We headed inland from Pondicherry toward Tanjore taking back roads through small villages and varied agriculture–rice fields, lentils, sugar cane, pepper, banana to name just a few. Lots of stops along the way.
Yet another temple but it turns out to be more spectacular than any thus far. We get out early before the intense heat to visit Brihadisvara dedicated to Lord Shiva and the most powerful symbol of the Chola empire. This temple is the pinnacle of what we have seen thus far combining later technological developments in architecture, sculpture, painting and bronze casting. Built a thousand years ago it is still an active temple today filled with worshippers dressed in their finest praying and practicing in many different ways.
Up until 1600, the time at which both this, the Thirumalai Naicker Palace and its sibling temple, Brihadisvara temple were built, maharajas left their legacy by building temples ONLY to glorify deities. However both of these fabulous structures reflect European influence and have a stunning fusion of diverse architectural influences, including Italian, Dravidian and Islamic. It was here in Tajore and Madurai and in Northern India reigning maharajas developed their “edifice complexes” and started constructing homes to impress.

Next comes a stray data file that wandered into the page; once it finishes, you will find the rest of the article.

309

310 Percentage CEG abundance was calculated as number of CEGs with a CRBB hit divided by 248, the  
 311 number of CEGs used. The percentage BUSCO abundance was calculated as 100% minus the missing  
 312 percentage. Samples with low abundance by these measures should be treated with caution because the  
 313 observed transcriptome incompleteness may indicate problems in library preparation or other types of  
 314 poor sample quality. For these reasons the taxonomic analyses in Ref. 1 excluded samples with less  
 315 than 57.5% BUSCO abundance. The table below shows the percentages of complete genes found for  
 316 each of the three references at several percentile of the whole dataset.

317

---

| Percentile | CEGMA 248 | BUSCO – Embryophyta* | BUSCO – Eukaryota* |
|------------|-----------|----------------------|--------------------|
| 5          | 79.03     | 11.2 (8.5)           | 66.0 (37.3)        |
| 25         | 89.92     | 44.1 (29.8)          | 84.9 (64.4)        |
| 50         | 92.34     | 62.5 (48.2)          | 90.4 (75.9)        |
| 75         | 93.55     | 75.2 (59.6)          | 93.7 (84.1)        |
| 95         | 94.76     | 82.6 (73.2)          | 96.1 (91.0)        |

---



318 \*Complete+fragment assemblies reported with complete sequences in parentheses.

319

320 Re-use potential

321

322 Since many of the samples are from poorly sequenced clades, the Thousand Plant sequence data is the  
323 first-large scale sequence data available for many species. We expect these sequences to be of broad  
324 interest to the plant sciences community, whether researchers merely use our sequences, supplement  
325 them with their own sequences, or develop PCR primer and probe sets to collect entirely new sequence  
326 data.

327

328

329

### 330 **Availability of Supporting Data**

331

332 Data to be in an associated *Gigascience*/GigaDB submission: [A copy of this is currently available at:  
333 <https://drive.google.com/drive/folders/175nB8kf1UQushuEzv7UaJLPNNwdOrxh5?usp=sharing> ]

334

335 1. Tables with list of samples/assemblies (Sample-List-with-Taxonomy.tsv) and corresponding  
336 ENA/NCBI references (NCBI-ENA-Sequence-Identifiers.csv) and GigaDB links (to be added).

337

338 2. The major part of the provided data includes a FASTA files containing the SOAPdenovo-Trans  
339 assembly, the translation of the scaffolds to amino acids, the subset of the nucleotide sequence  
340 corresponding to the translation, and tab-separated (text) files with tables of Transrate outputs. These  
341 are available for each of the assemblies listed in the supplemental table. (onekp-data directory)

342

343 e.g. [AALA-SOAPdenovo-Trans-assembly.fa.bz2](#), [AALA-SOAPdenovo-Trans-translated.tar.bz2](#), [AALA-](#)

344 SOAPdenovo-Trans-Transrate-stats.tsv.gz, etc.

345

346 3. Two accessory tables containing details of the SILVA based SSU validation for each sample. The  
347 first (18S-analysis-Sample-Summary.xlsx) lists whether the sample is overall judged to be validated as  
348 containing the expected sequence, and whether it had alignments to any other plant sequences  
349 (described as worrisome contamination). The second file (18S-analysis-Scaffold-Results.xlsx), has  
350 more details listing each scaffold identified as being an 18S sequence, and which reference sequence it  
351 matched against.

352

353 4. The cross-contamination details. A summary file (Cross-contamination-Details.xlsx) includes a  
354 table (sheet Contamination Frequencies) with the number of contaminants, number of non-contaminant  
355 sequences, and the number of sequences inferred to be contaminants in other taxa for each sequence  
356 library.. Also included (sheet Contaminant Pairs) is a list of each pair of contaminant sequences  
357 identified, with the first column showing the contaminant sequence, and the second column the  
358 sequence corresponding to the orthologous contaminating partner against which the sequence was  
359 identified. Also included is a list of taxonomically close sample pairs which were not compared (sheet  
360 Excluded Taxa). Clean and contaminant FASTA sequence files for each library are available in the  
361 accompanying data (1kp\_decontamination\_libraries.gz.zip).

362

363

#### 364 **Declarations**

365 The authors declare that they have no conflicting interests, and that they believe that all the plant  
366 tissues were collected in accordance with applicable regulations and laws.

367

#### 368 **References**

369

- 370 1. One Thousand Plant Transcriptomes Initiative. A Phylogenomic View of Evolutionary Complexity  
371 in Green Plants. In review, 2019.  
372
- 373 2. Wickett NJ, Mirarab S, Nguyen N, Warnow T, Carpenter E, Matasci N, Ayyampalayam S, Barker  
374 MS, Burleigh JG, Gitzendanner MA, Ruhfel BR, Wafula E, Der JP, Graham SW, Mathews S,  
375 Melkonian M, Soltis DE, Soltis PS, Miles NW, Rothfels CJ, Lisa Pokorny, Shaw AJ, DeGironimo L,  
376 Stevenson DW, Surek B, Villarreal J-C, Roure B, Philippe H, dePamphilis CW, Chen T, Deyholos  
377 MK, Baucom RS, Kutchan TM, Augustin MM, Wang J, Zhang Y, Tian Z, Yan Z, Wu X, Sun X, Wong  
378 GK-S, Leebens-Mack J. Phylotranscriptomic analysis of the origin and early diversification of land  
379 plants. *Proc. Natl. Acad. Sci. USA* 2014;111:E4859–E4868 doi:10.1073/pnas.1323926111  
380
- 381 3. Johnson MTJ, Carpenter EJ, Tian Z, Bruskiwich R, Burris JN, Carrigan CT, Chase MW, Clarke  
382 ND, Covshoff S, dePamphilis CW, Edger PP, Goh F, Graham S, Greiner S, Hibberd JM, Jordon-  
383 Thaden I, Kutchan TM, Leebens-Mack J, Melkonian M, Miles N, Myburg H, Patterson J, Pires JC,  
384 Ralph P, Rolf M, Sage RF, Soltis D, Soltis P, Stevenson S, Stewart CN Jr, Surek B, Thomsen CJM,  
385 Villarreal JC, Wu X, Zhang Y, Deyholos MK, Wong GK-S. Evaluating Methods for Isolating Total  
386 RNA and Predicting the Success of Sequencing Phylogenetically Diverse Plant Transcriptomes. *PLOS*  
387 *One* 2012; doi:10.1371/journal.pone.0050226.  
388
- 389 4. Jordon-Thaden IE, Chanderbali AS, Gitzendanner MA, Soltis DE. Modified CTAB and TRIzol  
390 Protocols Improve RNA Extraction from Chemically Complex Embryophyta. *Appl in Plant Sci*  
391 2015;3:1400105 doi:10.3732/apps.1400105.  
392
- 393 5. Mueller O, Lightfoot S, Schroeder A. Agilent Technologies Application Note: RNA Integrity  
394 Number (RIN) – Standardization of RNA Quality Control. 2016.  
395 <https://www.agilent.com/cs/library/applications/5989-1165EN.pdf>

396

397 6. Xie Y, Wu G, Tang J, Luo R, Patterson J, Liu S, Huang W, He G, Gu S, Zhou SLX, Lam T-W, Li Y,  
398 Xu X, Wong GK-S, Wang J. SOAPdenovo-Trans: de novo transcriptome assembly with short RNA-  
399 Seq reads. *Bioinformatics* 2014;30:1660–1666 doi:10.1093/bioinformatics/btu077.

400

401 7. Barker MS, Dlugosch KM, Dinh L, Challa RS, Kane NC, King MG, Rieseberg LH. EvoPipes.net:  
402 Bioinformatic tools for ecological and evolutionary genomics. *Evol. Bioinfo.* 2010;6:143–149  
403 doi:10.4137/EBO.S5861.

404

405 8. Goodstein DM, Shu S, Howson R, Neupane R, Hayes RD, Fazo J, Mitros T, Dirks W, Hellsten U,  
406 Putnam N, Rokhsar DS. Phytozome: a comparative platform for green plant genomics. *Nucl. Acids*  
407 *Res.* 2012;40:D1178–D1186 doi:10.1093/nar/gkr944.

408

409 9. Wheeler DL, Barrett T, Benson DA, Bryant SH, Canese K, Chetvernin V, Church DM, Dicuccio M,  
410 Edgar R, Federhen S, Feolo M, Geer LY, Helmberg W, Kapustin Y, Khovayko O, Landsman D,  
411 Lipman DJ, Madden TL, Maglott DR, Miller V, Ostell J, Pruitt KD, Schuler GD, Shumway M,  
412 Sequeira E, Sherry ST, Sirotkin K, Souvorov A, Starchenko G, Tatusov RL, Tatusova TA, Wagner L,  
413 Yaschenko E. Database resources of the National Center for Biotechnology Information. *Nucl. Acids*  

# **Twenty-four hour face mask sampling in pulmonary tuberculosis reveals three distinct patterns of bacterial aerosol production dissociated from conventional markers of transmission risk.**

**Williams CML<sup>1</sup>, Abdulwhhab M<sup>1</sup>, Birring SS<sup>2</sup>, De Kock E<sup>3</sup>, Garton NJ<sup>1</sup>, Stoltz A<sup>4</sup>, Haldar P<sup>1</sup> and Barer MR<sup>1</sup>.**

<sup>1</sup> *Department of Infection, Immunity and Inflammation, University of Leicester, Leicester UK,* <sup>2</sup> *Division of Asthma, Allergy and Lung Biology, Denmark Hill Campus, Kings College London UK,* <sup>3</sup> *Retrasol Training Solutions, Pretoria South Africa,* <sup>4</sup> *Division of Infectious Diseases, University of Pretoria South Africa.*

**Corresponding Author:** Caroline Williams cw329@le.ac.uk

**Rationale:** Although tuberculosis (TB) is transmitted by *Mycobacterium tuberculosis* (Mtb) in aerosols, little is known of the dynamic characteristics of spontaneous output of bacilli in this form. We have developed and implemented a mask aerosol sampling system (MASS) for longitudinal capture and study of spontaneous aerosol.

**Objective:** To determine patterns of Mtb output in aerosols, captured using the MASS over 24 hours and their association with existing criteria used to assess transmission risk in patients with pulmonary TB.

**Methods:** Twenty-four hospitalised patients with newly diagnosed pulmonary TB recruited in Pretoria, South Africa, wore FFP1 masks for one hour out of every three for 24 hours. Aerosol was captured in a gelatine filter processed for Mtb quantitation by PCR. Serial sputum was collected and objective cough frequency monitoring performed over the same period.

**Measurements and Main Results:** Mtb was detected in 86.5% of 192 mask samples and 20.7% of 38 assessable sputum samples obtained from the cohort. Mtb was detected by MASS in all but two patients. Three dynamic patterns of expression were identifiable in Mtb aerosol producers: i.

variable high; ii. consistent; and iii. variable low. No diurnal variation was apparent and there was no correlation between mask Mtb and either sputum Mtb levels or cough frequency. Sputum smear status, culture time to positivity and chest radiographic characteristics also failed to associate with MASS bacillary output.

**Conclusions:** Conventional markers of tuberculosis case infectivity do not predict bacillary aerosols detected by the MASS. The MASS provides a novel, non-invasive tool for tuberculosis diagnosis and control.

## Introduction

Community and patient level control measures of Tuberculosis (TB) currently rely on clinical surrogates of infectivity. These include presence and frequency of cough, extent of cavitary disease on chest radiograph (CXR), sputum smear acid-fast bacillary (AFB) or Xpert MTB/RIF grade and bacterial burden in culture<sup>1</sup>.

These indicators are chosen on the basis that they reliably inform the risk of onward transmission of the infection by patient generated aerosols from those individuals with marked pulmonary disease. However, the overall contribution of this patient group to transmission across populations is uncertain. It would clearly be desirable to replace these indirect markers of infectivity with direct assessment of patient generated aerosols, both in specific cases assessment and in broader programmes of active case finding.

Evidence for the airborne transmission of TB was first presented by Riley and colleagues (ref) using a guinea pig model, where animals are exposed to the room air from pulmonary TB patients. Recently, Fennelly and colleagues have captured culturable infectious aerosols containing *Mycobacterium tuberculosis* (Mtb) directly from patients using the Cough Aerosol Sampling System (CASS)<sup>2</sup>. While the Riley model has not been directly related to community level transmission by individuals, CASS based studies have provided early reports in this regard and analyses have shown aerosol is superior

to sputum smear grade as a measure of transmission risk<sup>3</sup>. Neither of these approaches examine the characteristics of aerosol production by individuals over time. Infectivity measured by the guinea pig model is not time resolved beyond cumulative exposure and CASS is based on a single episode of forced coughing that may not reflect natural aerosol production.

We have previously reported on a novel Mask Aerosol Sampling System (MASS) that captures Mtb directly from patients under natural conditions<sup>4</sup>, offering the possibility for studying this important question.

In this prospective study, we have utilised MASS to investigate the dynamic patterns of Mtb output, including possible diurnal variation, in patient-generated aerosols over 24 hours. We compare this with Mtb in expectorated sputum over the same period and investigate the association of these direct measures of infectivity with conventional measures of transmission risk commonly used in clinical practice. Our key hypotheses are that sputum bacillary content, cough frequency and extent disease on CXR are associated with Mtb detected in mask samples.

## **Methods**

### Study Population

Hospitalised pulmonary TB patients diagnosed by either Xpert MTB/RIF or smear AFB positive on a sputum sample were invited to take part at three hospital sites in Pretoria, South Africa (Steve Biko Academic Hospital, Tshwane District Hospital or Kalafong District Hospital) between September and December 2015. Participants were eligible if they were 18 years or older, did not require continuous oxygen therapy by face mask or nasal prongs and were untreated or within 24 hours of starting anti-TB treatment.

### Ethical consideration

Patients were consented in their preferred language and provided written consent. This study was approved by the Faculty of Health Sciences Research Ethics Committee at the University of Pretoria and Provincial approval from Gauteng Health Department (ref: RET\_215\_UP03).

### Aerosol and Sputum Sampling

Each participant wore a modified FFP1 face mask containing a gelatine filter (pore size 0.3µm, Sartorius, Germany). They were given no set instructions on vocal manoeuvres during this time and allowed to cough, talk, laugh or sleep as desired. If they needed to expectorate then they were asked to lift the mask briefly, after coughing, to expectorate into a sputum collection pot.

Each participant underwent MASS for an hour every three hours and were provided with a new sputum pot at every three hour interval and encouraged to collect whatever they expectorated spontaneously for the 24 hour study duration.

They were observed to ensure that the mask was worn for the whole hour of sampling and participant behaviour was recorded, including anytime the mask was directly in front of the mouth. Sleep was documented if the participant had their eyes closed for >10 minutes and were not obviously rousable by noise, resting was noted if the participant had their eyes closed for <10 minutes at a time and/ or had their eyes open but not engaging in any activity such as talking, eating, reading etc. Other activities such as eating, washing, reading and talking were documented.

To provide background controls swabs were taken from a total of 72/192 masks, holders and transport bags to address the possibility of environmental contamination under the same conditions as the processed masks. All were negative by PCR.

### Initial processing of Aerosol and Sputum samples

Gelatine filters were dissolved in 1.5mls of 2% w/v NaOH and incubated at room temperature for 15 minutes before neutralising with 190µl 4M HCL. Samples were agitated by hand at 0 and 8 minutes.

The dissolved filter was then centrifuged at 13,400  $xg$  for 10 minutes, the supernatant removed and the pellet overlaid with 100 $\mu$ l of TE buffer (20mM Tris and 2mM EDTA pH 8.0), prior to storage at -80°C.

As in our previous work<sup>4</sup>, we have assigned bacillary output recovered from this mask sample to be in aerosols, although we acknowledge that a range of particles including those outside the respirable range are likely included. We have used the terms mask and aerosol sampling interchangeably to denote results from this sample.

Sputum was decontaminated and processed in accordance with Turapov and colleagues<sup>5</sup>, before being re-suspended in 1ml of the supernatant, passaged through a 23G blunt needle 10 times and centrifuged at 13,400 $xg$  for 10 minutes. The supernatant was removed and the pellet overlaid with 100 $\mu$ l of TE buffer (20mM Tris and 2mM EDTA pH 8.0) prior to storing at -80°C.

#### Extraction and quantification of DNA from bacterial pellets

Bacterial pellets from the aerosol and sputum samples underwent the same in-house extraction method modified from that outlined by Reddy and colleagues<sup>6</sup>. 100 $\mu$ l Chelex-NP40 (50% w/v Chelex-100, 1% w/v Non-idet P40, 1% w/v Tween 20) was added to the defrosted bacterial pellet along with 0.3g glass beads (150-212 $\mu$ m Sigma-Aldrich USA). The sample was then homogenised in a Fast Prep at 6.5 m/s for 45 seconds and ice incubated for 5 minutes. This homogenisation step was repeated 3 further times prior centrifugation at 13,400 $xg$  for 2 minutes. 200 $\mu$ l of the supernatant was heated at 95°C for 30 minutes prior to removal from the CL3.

Additions of outer walls were done about the same time as the Taj Mahal in northern India, Brihadisvara is a living temple dedicated to worship of Shiva and his wife Parvati.
After the Maharajas death this enormous palace designed by an Italian architect, was never occupied by his heirs and fell into disrepair. Today only a few of the main halls remain but provide a glimpse of the grandeur that once was.
The main temple is part of a compound with two enormous arched gates adding to the grandeur.
About a mile away is the Maharaja’s palace built to look like the temple which today is a wonderful museum filled with exquisite bronze sculptures and stone carvings.